Up-words - A Very British Science Fiction

Up-words- The Best of the Paper Issues of This way up 2002-10

July 2002

It’s difficult to argue in a Doctor Who fanzine that Robert Holmes is an under-rated writer, given the number of eulogies aimed at the programme’s most backlash-proof contributor. As writer and script editor, he established some of the series’ most enduring ideas (the Autons, the Master, the Sontarans etc), and rewrote previously cherished continuity with lasting consequences. And yet, whilst we treasure his sparkling dialogue, subversive political themes and audacious concepts, doesn’t he deserve wider recognition than the hack writer of episodic, formulaic drama series he painted himself to be?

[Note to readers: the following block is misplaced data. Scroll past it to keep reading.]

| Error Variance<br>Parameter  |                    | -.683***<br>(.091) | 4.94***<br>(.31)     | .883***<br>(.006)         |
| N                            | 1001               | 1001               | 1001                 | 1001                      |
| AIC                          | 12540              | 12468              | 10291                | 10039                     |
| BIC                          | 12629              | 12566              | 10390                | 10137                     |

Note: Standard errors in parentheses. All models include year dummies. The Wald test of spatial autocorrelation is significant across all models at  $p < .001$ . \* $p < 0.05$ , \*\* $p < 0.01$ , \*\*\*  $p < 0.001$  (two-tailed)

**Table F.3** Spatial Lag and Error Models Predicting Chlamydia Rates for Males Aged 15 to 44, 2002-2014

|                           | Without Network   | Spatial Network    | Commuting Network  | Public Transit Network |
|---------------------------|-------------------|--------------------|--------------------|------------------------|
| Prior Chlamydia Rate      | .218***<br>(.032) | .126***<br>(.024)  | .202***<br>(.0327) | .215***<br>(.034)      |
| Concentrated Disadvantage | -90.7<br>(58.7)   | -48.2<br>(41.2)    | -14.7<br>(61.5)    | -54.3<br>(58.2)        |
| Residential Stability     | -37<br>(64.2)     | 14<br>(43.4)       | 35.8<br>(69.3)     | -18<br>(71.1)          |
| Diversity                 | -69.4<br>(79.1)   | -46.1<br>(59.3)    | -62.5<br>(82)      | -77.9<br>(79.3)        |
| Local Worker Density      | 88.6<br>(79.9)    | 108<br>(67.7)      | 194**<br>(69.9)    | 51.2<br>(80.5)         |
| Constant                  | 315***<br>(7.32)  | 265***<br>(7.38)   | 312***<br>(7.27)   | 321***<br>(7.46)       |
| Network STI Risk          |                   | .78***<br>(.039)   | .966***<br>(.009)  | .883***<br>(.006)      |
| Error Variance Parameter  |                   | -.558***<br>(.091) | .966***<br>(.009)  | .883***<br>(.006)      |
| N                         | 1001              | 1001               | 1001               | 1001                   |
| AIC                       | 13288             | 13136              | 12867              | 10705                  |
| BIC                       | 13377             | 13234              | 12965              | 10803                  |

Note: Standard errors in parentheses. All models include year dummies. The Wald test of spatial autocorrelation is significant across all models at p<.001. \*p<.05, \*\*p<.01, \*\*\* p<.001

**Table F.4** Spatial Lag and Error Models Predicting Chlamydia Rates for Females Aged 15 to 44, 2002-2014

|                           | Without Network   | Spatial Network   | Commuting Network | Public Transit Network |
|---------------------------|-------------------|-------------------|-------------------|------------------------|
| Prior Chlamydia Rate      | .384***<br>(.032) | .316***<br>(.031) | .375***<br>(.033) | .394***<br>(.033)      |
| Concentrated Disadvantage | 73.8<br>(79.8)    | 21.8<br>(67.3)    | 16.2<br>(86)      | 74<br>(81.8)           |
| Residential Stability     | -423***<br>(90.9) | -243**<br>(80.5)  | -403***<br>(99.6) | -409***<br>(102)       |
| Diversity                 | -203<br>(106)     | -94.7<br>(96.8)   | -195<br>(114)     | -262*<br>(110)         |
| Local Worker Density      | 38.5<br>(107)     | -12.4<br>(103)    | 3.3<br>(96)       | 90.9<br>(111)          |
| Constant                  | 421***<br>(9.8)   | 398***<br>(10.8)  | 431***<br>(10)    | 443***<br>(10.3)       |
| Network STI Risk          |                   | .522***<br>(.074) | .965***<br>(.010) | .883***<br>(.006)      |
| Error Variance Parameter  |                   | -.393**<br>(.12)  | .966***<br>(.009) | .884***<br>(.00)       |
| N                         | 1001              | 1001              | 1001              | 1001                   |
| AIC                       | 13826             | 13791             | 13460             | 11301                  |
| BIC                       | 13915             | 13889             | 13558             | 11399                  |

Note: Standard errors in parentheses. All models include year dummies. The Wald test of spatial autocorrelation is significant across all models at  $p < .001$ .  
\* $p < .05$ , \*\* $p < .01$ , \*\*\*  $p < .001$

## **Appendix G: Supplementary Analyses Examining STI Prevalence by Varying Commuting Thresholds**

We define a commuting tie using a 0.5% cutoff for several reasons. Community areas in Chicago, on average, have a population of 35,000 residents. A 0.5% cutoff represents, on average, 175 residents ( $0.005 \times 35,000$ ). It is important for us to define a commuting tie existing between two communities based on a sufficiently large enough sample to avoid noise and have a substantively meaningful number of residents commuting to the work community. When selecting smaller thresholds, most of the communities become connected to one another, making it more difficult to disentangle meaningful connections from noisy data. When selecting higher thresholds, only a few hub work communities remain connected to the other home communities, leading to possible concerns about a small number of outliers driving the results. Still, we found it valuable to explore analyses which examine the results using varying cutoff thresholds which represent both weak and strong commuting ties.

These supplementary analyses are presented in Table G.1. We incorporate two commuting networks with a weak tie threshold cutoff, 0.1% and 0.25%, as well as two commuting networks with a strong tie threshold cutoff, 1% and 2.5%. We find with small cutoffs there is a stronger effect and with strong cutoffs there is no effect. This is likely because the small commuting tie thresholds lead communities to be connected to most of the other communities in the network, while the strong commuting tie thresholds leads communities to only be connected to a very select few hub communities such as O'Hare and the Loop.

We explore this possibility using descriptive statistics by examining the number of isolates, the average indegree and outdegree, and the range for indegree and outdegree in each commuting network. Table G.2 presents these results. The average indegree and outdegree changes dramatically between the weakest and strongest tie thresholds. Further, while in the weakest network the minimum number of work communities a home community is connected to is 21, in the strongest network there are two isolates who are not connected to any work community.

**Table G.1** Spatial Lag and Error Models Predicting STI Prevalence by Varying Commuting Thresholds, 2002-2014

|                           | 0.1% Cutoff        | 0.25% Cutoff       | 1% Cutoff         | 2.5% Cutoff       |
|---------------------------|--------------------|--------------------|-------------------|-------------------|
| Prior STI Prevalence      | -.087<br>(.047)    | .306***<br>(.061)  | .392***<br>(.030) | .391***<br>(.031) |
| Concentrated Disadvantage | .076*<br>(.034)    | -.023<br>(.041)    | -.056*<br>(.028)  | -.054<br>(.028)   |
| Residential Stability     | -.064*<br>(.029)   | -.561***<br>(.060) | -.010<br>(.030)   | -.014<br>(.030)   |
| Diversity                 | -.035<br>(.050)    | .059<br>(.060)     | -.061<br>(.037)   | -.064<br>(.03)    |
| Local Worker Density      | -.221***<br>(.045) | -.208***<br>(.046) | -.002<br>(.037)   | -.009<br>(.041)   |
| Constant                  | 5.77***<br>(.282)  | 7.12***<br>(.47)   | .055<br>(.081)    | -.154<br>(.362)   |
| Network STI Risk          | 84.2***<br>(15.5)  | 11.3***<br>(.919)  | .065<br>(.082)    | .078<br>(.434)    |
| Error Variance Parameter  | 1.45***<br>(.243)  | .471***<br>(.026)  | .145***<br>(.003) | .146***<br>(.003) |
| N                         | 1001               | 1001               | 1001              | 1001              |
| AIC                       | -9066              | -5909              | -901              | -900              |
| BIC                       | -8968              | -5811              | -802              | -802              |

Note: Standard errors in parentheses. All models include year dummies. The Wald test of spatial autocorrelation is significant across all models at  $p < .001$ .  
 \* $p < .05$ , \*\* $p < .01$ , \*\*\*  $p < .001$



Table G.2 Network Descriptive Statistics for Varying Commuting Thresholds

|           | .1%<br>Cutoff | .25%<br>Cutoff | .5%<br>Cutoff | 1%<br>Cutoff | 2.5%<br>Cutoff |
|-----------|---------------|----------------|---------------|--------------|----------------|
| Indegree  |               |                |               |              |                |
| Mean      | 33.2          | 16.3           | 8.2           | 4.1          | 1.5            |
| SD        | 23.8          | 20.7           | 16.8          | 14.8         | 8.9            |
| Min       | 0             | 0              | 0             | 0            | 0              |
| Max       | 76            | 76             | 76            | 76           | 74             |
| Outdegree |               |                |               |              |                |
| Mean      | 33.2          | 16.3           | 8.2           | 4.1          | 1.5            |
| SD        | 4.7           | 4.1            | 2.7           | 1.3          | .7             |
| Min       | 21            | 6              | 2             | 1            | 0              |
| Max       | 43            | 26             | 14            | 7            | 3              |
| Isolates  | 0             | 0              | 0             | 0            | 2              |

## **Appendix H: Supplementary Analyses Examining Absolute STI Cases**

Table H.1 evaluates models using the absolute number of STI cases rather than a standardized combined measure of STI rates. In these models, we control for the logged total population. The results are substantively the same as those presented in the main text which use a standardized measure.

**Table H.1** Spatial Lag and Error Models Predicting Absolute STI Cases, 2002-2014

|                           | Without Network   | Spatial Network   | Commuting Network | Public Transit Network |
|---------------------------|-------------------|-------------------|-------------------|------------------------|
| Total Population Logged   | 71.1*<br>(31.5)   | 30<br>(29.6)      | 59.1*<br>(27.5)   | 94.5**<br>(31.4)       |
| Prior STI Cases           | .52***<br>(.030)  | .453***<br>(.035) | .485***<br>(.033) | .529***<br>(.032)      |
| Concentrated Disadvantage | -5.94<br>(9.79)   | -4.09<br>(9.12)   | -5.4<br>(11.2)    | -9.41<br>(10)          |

For those Who fans more interested in the writing than in the sub-TV-Quick-fandom of cast photos and behind-the-scenes anecdotes, Holmes is in the top rank. A few writers stand out, not just for their contribution to the series, but for a consistency of theme across their body of work. Such criteria make Terry Nation an important writer, even if his work seems to lack complexity or originality. Or John Lucarotti and David Whitaker, who grasped the potential for character-driven drama in the early historicals. Then there are idiosyncratic writers, like Ian Stuart Black, Christopher H Bidmead, Chris Boucher, Douglas Adams, Stephen Gallagher, Christopher Bailey, or (in the tiny list of slumming-it ‘proper’ writers) Louis Marks and Rona Munro. The rest tend to be hacks meeting a specific brief, though we’ve all enjoyed the contributions of Terrance Dicks, David Fisher, even Eric Saward. It is from this group that the fan favourites come, deceptive writers able to keep to the formula whilst pursuing their own vision: Malcolm Hulke, Brian Hayles and, of course, Robert Holmes, a self-professed churner-out of “good, clean, escapist hokum”.